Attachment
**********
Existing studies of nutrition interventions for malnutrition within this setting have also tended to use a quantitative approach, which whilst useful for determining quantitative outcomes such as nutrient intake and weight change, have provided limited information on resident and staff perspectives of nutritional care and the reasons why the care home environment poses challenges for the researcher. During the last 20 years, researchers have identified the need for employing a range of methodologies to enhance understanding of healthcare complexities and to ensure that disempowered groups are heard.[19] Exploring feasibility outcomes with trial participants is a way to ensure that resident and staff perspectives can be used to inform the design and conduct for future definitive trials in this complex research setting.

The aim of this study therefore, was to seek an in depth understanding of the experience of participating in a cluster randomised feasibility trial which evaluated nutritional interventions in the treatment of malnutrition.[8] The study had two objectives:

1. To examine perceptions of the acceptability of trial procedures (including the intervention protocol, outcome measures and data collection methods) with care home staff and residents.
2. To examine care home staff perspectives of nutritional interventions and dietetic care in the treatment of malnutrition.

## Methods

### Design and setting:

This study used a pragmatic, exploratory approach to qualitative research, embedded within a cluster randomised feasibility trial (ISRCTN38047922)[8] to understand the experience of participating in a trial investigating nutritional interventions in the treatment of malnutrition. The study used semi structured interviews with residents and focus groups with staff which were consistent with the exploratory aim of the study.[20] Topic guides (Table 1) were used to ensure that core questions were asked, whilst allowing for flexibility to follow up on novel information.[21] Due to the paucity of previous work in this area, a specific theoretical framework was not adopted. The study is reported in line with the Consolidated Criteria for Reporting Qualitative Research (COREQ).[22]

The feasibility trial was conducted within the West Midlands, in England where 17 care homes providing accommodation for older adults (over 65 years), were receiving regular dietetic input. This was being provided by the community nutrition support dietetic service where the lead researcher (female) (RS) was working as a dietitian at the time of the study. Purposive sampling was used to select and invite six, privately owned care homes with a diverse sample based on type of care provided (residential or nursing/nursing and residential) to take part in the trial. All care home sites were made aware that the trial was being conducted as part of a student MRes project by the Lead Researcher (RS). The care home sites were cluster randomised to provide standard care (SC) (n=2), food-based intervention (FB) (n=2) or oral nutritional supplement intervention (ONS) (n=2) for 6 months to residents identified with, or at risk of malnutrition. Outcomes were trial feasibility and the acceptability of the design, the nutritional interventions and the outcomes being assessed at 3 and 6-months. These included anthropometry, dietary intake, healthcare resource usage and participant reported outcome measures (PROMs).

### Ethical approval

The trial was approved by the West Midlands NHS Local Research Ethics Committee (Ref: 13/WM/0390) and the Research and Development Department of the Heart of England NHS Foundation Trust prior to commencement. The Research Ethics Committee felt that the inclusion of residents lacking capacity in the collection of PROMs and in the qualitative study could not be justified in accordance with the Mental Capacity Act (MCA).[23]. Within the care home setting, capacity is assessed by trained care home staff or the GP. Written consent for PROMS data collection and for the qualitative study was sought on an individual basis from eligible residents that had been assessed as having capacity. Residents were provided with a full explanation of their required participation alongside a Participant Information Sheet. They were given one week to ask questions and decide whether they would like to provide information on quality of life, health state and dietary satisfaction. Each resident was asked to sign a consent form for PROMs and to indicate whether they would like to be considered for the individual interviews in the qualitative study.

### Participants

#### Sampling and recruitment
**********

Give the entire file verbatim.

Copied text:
Existing studies of nutrition interventions for malnutrition within this setting have also tended to use a quantitative approach, which whilst useful for determining quantitative outcomes such as nutrient intake and weight change, have provided limited information on resident and staff perspectives of nutritional care and the reasons why the care home environment poses challenges for the researcher. During the last 20 years, researchers have identified the need for employing a range of methodologies to enhance understanding of healthcare complexities and to ensure that disempowered groups are heard.[19] Exploring feasibility outcomes with trial participants is a way to ensure that resident and staff perspectives can be used to inform the design and conduct for future definitive trials in this complex research setting.

The aim of this study therefore, was to seek an in depth understanding of the experience of participating in a cluster randomised feasibility trial which evaluated nutritional interventions in the treatment of malnutrition.[8] The study had two objectives:

1. To examine perceptions of the acceptability of trial procedures (including the intervention protocol, outcome measures and data collection methods) with care home staff and residents.
2. To examine care home staff perspectives of nutritional interventions and dietetic care in the treatment of malnutrition.

## Methods

### Design and setting:

This study used a pragmatic, exploratory approach to qualitative research, embedded within a cluster randomised feasibility trial (ISRCTN38047922)[8] to understand the experience of participating in a trial investigating nutritional interventions in the treatment of malnutrition. The study used semi structured interviews with residents and focus groups with staff which were consistent with the exploratory aim of the study.[20] Topic guides (Table 1) were used to ensure that core questions were asked, whilst allowing for flexibility to follow up on novel information.[21] Due to the paucity of previous work in this area, a specific theoretical framework was not adopted. The study is reported in line with the Consolidated Criteria for Reporting Qualitative Research (COREQ).[22]

The feasibility trial was conducted within the West Midlands, in England where 17 care homes providing accommodation for older adults (over 65 years), were receiving regular dietetic input. This was being provided by the community nutrition support dietetic service where the lead researcher (female) (RS) was working as a dietitian at the time of the study. Purposive sampling was used to select and invite six, privately owned care homes with a diverse sample based on type of care provided (residential or nursing/nursing and residential) to take part in the trial. All care home sites were made aware that the trial was being conducted as part of a student MRes project by the Lead Researcher (RS). The care home sites were cluster randomised to provide standard care (SC) (n=2), food-based intervention (FB) (n=2) or oral nutritional supplement intervention (ONS) (n=2) for 6 months to residents identified with, or at risk of malnutrition. Outcomes were trial feasibility and the acceptability of the design, the nutritional interventions and the outcomes being assessed at 3 and 6-months. These included anthropometry, dietary intake, healthcare resource usage and participant reported outcome measures (PROMs).

### Ethical approval

The trial was approved by the West Midlands NHS Local Research Ethics Committee (Ref: 13/WM/0390) and the Research and Development Department of the Heart of England NHS Foundation Trust prior to commencement. The Research Ethics Committee felt that the inclusion of residents lacking capacity in the collection of PROMs and in the qualitative study could not be justified in accordance with the Mental Capacity Act (MCA).[23]. Within the care home setting, capacity is assessed by trained care home staff or the GP. Written consent for PROMS data collection and for the qualitative study was sought on an individual basis from eligible residents that had been assessed as having capacity. Residents were provided with a full explanation of their required participation alongside a Participant Information Sheet. They were given one week to ask questions and decide whether they would like to provide information on quality of life, health state and dietary satisfaction. Each resident was asked to sign a consent form for PROMs and to indicate whether they would like to be considered for the individual interviews in the qualitative study.

### Participants

#### Sampling and recruitment